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Author Topic: Heartworm medicine  (Read 27 times)

Henrie

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Heartworm medicine
« on: November 08, 2017, 12:57:00 PM »

I have a question, Saydee is due her heartworm meds and has IMHA, she is on predisone, antibiotics and Prilosec, I also added Milk Thisle to her daily routine.  My question is should I give her her monthly trivexus?  Saydee was diagnosed with IMHA on 10/27/17, her red blood cell count is slowly improving, she at 42% at the moment.  Thanks for any information you can provide for me, the vet says yes give it, but I'm not sure if it's a good idea.
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Jo CIMDA

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Re: Heartworm medicine
« Reply #1 on: November 08, 2017, 04:07:39 PM »

Hi

I can only give you my personal opinion.  I wouldn't give Saydee any unnecessary medications, especially as she is still having treatment and her immune system is compromised.

  A dog with a genetic predisposition to autoimmunity should be kept as natural as possible and that means no more vaccines and unnecessary preventative drugs. 

I once asked Prof Catchpole, of The Royal Vet College, if dogs that have had AI disease should ever be vaccinated or given spot on treatments ever again and he categorically said No, because the risks outweigh the benefits in a genetically predisposed dog.

Her PCV is 42% and I presume she is now on a reducing prednisolone protocol.  Please take a look at the Michael J Day immunosuppressive drug protocol in the files.  It is the best protocol I have come across.

 Hopefully she will be weaned down successfully and reach remission.  You can then reassess her meds but I think her liver has enough to cope with at this time and adding more unnecessary chemicals could do her more harm than good.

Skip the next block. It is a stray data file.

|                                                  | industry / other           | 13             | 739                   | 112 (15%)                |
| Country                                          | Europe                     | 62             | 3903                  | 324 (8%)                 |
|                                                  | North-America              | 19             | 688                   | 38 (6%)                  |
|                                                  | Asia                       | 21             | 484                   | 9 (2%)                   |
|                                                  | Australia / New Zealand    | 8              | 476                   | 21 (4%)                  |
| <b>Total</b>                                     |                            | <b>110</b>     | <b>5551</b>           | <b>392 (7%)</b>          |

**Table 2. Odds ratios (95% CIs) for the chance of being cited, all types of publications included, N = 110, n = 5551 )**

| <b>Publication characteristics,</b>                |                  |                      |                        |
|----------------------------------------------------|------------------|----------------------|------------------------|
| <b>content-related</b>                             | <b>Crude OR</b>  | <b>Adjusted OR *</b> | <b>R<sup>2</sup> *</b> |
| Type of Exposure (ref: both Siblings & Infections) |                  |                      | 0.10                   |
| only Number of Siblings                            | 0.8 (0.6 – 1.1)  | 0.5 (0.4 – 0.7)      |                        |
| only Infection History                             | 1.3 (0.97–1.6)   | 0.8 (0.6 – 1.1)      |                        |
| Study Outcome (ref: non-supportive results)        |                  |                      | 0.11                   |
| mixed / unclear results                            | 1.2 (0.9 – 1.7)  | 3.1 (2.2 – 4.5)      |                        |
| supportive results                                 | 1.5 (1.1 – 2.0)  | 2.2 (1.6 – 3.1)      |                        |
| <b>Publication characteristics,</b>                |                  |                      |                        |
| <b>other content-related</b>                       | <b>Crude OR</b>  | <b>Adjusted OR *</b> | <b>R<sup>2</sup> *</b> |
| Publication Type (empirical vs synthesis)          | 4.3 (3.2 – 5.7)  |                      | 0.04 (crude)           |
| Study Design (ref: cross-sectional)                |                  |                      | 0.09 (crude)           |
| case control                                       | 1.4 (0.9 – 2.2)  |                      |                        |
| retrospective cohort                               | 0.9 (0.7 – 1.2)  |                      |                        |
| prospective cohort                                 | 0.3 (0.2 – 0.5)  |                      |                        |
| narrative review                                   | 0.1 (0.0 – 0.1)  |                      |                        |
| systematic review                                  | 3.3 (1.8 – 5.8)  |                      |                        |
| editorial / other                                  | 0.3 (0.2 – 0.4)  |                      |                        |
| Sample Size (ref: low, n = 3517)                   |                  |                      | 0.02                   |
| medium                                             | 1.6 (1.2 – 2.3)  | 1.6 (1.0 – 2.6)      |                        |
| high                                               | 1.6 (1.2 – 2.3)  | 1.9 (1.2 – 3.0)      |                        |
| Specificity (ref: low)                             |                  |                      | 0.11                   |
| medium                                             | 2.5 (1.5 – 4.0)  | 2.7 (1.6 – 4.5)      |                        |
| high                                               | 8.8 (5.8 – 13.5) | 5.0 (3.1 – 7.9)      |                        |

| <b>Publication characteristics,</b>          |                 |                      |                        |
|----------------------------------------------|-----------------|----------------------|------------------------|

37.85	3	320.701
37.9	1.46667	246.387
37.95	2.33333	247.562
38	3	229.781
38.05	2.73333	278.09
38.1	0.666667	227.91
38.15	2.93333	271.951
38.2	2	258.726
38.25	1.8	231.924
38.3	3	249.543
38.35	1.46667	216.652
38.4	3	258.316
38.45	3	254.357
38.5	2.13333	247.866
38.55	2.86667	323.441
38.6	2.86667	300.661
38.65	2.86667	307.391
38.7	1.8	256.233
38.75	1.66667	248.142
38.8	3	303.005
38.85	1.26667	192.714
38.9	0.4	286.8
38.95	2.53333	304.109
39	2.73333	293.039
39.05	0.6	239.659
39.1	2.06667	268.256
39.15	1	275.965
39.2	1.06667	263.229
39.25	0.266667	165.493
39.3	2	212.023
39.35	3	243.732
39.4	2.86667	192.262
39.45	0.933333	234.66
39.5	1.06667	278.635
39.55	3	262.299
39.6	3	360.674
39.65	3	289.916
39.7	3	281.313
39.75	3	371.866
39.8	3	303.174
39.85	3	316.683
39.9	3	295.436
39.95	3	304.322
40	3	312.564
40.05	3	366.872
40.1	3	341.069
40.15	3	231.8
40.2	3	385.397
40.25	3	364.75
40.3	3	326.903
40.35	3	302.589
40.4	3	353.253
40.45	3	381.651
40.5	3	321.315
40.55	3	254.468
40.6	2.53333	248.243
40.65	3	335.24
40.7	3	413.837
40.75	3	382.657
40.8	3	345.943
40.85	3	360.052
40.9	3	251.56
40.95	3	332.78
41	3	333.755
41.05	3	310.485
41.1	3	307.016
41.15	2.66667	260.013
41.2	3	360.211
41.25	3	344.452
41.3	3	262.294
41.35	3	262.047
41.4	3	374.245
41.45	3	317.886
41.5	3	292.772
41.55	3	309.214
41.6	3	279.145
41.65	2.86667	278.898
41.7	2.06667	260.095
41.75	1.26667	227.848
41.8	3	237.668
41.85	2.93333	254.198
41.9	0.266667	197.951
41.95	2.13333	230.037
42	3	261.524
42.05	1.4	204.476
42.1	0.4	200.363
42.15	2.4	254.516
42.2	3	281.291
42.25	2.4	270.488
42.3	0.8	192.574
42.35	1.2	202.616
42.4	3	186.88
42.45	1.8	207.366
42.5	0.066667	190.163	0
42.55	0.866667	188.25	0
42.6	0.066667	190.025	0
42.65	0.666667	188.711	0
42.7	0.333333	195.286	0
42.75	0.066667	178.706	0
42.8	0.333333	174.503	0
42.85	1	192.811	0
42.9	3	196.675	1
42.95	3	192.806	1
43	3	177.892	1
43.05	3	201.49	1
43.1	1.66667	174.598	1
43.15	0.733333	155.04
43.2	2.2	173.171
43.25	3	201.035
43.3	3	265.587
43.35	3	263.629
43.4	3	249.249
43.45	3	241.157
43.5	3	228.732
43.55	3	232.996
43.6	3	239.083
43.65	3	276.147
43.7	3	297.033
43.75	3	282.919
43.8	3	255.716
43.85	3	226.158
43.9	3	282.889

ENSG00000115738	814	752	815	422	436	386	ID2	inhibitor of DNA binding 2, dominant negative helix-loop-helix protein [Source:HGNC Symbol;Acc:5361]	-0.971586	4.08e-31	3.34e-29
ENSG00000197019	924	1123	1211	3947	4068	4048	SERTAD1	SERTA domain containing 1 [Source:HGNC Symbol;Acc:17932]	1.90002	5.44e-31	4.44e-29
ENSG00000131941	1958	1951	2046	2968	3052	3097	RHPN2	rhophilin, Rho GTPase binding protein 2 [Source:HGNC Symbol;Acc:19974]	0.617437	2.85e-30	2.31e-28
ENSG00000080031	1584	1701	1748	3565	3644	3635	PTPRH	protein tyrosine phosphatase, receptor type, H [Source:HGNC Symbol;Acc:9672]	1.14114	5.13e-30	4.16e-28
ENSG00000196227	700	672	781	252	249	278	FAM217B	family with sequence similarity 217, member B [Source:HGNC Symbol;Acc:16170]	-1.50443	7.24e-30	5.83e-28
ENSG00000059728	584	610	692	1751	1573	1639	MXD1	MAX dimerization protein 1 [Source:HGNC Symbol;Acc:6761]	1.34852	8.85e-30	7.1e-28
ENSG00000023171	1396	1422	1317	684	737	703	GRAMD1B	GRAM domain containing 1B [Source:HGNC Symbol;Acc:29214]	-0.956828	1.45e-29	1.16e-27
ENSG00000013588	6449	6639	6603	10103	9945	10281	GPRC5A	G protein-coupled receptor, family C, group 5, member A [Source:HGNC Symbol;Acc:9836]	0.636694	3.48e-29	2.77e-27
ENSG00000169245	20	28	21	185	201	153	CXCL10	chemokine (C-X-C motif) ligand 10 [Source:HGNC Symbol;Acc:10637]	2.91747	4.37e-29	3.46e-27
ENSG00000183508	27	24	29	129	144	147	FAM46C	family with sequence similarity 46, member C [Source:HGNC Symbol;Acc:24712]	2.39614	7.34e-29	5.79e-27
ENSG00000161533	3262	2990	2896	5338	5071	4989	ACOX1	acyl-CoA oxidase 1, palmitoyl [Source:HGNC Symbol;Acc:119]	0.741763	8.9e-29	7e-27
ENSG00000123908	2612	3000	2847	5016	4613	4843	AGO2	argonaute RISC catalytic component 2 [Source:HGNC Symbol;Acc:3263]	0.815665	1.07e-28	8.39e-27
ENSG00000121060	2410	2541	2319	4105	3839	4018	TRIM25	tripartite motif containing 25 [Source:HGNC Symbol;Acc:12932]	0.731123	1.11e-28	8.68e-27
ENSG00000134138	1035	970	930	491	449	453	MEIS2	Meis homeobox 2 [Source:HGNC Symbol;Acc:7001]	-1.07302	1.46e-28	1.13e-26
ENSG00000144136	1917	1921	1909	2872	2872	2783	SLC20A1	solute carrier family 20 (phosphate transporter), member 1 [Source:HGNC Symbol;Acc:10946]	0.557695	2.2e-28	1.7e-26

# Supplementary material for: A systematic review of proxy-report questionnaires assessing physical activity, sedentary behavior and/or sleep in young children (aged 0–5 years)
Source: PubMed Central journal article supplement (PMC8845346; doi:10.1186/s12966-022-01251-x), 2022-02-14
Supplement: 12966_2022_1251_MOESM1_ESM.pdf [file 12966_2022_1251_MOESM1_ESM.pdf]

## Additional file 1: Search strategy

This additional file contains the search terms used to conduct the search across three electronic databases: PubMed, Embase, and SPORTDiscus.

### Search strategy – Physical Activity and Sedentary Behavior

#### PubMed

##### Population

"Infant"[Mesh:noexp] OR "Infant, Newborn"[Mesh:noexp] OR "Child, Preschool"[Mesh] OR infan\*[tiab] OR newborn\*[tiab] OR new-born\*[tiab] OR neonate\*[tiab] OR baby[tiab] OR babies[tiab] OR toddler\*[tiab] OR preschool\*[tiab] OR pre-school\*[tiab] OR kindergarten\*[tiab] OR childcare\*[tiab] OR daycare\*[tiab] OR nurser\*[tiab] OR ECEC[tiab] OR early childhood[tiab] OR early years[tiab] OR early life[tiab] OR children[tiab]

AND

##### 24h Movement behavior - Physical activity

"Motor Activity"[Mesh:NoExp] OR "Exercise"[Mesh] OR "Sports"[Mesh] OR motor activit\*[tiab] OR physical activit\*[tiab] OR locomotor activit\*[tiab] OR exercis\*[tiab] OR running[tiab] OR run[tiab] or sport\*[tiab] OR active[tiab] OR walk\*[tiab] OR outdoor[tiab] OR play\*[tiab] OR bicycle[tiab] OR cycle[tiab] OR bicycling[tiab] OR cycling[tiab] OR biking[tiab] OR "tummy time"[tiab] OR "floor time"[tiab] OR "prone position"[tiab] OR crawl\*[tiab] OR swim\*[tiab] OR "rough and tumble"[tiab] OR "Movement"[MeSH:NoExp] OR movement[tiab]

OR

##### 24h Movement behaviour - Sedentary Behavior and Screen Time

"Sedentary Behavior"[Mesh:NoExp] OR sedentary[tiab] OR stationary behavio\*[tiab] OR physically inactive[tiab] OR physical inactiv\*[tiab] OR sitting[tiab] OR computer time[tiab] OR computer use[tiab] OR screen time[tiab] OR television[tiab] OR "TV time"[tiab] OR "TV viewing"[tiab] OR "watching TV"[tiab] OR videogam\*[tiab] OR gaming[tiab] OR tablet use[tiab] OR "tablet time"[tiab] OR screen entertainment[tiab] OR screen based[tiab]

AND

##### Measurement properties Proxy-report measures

I have looked up Trivexus and it is made of two chemicals Spinosad and milbemycin.  Milbemycim doesn't have many adverse effects listed but spinosad has quite a few and a number of drug interactions as well.   I don't know how true the reports are but there is some bad press about Trivexux.

https://www.whole-dog-journal.com/blog/Trifexis-Adverse-Effects-20898-1.html

As Saydee has an A disease it is best to keep her away from any unnecessary drugs from now on.  Drugs, chemicals, hormones, stress etc... are all major triggers for AI disease.

Jo




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Henrie

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Re: Heartworm medicine
« Reply #2 on: November 08, 2017, 08:02:30 PM »

Thank you for your opinion, my gut feelings also tell me not to give her the heartworm meds since she is on such high dosages of Prednisolone, she takes 40mg in the morning, and 40 at night along with Prilosec and a antibiotic twice daily also.  Our vet says it shouldn't bother her since she's been on it for years, but as you said it's a chemical and that's what is bothering me in her present condition with IMHA.  Her RBC started out at 29% and now after a week and four days she's at 42% but lack energy and it's probably affecting her muscles and hair now.

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Jo CIMDA

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Re: Heartworm medicine
« Reply #3 on: November 09, 2017, 08:55:57 AM »

Hi